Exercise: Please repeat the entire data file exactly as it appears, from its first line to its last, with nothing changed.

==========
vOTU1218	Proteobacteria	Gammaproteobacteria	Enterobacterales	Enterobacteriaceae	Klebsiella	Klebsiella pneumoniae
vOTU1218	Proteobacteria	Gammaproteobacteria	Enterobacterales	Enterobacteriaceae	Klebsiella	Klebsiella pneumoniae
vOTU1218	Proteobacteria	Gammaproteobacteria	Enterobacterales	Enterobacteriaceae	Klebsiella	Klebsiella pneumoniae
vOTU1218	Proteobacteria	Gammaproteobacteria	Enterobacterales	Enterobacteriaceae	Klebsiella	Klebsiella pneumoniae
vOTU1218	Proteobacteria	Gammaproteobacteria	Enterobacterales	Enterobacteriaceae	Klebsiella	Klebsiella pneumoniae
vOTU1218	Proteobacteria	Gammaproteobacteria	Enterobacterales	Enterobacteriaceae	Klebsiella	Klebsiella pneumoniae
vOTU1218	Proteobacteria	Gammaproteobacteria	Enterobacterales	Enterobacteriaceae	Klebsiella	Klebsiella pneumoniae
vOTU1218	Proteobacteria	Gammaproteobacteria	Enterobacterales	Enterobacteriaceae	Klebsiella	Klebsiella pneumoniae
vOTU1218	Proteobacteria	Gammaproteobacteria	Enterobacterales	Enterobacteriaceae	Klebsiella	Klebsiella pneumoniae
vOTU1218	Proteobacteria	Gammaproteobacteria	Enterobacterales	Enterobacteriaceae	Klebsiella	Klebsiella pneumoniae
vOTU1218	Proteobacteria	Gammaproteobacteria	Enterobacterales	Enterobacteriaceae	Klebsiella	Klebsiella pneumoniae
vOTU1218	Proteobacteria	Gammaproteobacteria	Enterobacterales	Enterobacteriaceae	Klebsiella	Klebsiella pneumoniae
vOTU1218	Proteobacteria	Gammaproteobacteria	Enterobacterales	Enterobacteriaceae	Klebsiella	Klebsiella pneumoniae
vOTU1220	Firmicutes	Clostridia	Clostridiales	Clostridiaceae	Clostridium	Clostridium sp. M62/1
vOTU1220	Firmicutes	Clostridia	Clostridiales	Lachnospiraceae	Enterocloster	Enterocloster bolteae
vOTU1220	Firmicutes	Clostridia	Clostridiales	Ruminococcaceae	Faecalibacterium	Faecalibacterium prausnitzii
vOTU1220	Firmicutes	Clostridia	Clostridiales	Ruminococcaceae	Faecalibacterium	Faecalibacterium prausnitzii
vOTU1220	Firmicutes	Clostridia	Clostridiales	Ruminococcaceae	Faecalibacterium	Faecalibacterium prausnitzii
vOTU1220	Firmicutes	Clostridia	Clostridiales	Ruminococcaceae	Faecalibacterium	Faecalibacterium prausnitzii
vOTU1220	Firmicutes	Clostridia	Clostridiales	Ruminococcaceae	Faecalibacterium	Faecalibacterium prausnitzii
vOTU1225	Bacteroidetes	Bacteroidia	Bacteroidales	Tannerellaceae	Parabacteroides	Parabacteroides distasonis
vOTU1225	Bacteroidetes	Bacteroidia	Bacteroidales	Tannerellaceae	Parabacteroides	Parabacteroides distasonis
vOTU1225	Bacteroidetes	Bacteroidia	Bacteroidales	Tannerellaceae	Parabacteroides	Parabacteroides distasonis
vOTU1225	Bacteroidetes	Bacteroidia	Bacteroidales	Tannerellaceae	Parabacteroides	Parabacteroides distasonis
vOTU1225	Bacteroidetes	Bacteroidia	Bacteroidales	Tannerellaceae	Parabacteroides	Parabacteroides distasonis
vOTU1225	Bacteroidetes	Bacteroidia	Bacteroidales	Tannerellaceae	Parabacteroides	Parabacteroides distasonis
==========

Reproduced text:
vOTU1218	Proteobacteria	Gammaproteobacteria	Enterobacterales	Enterobacteriaceae	Klebsiella	Klebsiella pneumoniae
vOTU1218	Proteobacteria	Gammaproteobacteria	Enterobacterales	Enterobacteriaceae	Klebsiella	Klebsiella pneumoniae
vOTU1218	Proteobacteria	Gammaproteobacteria	Enterobacterales	Enterobacteriaceae	Klebsiella	Klebsiella pneumoniae
vOTU1218	Proteobacteria	Gammaproteobacteria	Enterobacterales	Enterobacteriaceae	Klebsiella	Klebsiella pneumoniae
vOTU1218	Proteobacteria	Gammaproteobacteria	Enterobacterales	Enterobacteriaceae	Klebsiella	Klebsiella pneumoniae
vOTU1218	Proteobacteria	Gammaproteobacteria	Enterobacterales	Enterobacteriaceae	Klebsiella	Klebsiella pneumoniae
vOTU1218	Proteobacteria	Gammaproteobacteria	Enterobacterales	Enterobacteriaceae	Klebsiella	Klebsiella pneumoniae
vOTU1218	Proteobacteria	Gammaproteobacteria	Enterobacterales	Enterobacteriaceae	Klebsiella	Klebsiella pneumoniae
vOTU1218	Proteobacteria	Gammaproteobacteria	Enterobacterales	Enterobacteriaceae	Klebsiella	Klebsiella pneumoniae
vOTU1218	Proteobacteria	Gammaproteobacteria	Enterobacterales	Enterobacteriaceae	Klebsiella	Klebsiella pneumoniae
vOTU1218	Proteobacteria	Gammaproteobacteria	Enterobacterales	Enterobacteriaceae	Klebsiella	Klebsiella pneumoniae
vOTU1218	Proteobacteria	Gammaproteobacteria	Enterobacterales	Enterobacteriaceae	Klebsiella	Klebsiella pneumoniae
vOTU1218	Proteobacteria	Gammaproteobacteria	Enterobacterales	Enterobacteriaceae	Klebsiella	Klebsiella pneumoniae
vOTU1220	Firmicutes	Clostridia	Clostridiales	Clostridiaceae	Clostridium	Clostridium sp. M62/1
vOTU1220	Firmicutes	Clostridia	Clostridiales	Lachnospiraceae	Enterocloster	Enterocloster bolteae
vOTU1220	Firmicutes	Clostridia	Clostridiales	Ruminococcaceae	Faecalibacterium	Faecalibacterium prausnitzii
vOTU1220	Firmicutes	Clostridia	Clostridiales	Ruminococcaceae	Faecalibacterium	Faecalibacterium prausnitzii
vOTU1220	Firmicutes	Clostridia	Clostridiales	Ruminococcaceae	Faecalibacterium	Faecalibacterium prausnitzii
vOTU1220	Firmicutes	Clostridia	Clostridiales	Ruminococcaceae	Faecalibacterium	Faecalibacterium prausnitzii
vOTU1220	Firmicutes	Clostridia	Clostridiales	Ruminococcaceae	Faecalibacterium	Faecalibacterium prausnitzii
vOTU1225	Bacteroidetes	Bacteroidia	Bacteroidales	Tannerellaceae	Parabacteroides	Parabacteroides distasonis
vOTU1225	Bacteroidetes	Bacteroidia	Bacteroidales	Tannerellaceae	Parabacteroides	Parabacteroides distasonis
vOTU1225	Bacteroidetes	Bacteroidia	Bacteroidales	Tannerellaceae	Parabacteroides	Parabacteroides distasonis
vOTU1225	Bacteroidetes	Bacteroidia	Bacteroidales	Tannerellaceae	Parabacteroides	Parabacteroides distasonis
vOTU1225	Bacteroidetes	Bacteroidia	Bacteroidales	Tannerellaceae	Parabacteroides	Parabacteroides distasonis
vOTU1225	Bacteroidetes	Bacteroidia	Bacteroidales	Tannerellaceae	Parabacteroides	Parabacteroides distasonis